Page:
International Beef Prices Remain Firm

NORTHERN IRELAND, UK - At the backend of last year, the rising farmgate price of beef on international markets was very topical and it was likely an important driving force behind the increases in the local farmgate beef prices in NI in November and December.
calendar icon 4 March 2011
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The Bulletin covered this issue in mid- November (Issue No. 2142 ) and in the respect that NIprices are to some extent driven by international beef markets, it is worth revisiting trends within these markets to find out how the trade has been performing since then.

Figure 1 shows how international beef prices gathered momentum in 2010 having started to rise sharply in late 2009. Back in January 2010, the NI R3 steer price (which has effectively tracked the EU price throughout the last two years) was significantly ahead of corresponding farmgate prices in the world’s largest cattle producing regions (South America, USA and Australia). However, due to a mixture of currency movements, reduced supplies and rising domestic demand, farmgate prices in countries like Brazil shot up in 2010, relative to EU and NI prices.

Last January, NI R3 steer prices were over €1/kg ahead of corresponding prices in Brazil. At the same time USA prices were €0.90/kg lower than NI levels. However, as 2010 progressed, this gap narrowed as prices in international markets gradually firmed. By mid-November last year, Brazilian R3 steer prices reached 290c/kg, just 7c/kg shy of the NI price in the same week.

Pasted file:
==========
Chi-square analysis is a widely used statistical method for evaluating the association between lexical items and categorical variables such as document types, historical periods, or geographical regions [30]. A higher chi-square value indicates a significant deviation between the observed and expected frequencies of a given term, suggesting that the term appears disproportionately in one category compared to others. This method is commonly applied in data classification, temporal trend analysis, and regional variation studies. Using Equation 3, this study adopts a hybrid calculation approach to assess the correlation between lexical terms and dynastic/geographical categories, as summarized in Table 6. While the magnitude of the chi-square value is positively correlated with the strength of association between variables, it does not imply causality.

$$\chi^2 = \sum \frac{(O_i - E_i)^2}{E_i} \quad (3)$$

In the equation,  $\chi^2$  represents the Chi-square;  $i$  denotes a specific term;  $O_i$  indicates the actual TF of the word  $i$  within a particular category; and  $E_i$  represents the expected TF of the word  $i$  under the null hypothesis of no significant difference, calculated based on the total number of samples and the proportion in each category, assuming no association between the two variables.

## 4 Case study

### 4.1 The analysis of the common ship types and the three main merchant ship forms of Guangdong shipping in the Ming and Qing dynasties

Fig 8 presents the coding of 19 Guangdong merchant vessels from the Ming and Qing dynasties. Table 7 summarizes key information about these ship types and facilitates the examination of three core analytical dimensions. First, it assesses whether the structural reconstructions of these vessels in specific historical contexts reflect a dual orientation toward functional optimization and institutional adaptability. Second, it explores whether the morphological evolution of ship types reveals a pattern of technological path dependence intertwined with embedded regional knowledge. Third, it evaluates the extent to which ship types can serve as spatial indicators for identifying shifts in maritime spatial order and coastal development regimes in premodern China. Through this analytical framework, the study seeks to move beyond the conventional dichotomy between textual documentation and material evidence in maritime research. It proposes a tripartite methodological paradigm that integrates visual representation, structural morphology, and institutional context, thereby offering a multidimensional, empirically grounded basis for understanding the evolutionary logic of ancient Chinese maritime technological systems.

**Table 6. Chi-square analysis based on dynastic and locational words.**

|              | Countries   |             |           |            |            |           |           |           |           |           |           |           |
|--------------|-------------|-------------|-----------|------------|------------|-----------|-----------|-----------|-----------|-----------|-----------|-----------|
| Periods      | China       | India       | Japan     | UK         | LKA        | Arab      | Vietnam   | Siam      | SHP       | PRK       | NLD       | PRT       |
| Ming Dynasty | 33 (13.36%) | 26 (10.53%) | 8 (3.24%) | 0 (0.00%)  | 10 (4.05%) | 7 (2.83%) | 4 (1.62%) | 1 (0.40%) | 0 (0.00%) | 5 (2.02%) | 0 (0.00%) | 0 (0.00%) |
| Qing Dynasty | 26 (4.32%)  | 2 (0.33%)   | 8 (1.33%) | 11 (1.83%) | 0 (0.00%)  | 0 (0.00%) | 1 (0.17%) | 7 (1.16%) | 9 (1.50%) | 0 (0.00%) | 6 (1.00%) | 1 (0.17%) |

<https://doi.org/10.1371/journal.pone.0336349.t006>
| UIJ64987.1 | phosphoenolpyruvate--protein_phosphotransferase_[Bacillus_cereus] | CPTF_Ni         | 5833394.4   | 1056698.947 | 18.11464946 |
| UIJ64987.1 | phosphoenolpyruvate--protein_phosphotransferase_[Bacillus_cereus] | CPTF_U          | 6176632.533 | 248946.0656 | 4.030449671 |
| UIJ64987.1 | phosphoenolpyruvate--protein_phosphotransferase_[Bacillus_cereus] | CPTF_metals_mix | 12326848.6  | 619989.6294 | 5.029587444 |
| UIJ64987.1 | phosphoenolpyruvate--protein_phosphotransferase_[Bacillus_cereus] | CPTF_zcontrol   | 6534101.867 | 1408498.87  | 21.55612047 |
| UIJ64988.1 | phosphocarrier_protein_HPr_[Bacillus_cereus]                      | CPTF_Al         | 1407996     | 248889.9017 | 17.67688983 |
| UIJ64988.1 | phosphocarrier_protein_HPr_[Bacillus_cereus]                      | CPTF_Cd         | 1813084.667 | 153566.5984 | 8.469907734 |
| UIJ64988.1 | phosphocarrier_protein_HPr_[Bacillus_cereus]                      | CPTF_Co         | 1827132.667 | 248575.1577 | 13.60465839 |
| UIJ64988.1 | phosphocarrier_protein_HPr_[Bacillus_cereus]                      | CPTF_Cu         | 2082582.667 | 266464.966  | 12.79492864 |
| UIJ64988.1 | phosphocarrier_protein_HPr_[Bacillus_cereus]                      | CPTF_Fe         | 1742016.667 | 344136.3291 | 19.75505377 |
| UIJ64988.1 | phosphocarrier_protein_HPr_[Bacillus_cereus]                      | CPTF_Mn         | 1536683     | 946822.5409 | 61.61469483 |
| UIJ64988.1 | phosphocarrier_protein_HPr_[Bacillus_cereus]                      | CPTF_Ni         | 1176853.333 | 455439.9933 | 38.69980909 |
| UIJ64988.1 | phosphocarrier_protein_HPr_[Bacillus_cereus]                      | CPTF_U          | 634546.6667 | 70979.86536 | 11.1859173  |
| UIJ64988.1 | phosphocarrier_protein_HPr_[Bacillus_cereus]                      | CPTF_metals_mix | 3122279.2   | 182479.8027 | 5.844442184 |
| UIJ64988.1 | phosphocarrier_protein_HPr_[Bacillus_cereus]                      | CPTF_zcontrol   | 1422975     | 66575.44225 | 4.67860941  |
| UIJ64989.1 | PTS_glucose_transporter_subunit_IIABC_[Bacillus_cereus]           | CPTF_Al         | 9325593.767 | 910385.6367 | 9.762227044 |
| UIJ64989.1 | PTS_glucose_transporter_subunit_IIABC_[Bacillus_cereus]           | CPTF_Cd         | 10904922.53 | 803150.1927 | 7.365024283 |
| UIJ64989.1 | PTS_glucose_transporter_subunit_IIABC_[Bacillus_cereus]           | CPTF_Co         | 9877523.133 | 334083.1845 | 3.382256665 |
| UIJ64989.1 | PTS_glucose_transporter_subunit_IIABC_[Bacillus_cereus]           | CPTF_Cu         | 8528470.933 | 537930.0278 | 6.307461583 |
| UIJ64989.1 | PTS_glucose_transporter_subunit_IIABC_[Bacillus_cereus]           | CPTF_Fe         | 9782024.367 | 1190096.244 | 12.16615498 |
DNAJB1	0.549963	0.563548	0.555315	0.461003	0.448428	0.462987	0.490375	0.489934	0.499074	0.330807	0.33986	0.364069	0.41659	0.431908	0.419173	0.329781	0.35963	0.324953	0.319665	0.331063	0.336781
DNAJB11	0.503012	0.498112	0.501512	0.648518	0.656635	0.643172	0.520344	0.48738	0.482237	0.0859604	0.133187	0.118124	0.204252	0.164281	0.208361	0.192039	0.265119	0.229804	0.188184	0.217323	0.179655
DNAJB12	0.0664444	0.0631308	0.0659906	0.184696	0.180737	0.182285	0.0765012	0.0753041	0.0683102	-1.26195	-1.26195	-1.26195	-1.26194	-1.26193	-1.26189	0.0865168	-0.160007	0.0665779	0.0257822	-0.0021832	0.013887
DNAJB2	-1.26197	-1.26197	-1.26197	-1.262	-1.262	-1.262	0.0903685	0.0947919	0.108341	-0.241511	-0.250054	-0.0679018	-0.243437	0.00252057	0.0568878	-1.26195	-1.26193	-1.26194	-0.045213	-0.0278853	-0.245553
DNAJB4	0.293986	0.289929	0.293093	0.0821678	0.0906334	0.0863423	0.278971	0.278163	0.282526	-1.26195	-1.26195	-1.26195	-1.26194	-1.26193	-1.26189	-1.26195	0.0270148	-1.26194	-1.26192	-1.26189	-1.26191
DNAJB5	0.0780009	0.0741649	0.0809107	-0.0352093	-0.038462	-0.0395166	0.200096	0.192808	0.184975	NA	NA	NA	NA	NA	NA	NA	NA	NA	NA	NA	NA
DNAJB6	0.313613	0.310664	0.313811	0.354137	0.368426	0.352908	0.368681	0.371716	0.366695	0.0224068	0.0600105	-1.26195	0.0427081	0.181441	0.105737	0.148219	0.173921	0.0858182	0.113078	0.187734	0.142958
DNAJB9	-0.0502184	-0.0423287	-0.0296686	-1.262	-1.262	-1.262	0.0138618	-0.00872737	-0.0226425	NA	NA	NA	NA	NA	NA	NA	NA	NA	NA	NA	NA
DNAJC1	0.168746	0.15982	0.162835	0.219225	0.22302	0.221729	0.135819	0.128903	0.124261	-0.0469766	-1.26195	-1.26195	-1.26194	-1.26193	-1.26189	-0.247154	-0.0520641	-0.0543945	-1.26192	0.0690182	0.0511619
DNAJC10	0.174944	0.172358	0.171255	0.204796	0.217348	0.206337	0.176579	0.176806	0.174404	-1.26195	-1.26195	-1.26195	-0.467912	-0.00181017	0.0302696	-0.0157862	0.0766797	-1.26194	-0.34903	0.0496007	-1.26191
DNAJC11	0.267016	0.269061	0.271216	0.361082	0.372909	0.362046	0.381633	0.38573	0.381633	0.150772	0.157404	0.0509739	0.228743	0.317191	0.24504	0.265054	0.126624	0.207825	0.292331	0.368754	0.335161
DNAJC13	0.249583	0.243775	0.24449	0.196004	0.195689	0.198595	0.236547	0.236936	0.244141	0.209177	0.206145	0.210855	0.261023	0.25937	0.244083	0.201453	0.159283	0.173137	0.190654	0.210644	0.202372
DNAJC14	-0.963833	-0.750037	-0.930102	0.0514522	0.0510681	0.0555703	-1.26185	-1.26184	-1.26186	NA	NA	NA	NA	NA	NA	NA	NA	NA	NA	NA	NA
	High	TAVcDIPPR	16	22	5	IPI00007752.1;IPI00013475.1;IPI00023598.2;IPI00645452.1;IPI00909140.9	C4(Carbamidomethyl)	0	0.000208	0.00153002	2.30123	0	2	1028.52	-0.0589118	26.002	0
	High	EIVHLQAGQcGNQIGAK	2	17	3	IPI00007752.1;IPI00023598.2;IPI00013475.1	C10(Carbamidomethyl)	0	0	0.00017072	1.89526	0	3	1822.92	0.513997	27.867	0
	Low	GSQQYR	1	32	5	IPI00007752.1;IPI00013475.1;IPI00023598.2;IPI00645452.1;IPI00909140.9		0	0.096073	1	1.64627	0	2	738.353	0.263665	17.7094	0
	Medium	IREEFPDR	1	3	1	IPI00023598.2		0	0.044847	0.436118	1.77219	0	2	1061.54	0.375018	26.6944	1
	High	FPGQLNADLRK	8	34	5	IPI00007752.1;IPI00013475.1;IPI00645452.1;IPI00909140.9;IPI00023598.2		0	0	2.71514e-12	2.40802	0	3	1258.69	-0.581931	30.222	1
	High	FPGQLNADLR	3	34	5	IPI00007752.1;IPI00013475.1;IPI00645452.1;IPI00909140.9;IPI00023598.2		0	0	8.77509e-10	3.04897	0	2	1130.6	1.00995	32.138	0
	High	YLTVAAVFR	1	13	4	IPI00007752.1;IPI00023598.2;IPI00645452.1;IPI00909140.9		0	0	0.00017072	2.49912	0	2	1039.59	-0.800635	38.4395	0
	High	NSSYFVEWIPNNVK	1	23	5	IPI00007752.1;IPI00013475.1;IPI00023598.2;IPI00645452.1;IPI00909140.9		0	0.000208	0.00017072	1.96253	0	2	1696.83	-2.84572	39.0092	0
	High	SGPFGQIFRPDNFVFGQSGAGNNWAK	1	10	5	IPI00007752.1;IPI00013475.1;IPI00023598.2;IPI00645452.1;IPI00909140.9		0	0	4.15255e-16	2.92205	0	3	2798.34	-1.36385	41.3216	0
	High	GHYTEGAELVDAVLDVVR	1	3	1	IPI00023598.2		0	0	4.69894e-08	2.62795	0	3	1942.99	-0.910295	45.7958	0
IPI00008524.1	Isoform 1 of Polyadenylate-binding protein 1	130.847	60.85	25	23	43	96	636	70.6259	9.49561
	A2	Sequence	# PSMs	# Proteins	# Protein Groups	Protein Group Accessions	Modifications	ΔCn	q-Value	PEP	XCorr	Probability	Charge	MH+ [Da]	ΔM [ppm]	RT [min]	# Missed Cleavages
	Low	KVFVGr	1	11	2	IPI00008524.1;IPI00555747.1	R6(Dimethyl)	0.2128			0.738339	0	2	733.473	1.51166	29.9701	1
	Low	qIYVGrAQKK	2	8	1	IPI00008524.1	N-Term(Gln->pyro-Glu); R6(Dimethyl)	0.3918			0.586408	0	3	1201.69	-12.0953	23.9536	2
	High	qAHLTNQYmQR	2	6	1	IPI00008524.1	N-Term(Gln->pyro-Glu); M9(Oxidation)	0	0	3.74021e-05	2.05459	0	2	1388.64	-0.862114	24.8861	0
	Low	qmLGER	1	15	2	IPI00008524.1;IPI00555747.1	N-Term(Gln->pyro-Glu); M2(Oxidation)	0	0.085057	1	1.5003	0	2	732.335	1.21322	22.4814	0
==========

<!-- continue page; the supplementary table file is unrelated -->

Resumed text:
Prices in Brazil, USA and Australia remain significantly ahead of 2010 levels. Brazilian R3 prices for the week ending 19 February were 90c/kg higher than in the same week last year. USA R3 steer prices were over 50c/kg higher in mid-February compared to last year. Last week, AHDB reported that South American beef export prices rose in 2010, with tight supplies and increased export demand fuelling the increases in price. The increased export prices are clearly visible in Figure 2 which shows that the Argentinean price has generally been on an upward trajectory over the last two years, pretty much in line with farmgate prices in the South American country. Fuelled by increased demand from the EU for high value cuts and reduced supplies, export prices from Argentina in December 2010 were double the corresponding price from December 2009. Brazilian prices were 34 per cent higher over the same period, while Uruguayan prices were 45 per cent higher.

These trends are reflected to some extent in the FAO food price index which is now at a historic peak. In January world food prices were 3.5 per cent higher than the previous month and 28.5 per cent higher than last January. The meat price index was unchanged from December 2010, but was 15 per cent higher than in January 2010 and the most recent figures show that the upward pressure on world food prices is not abating.

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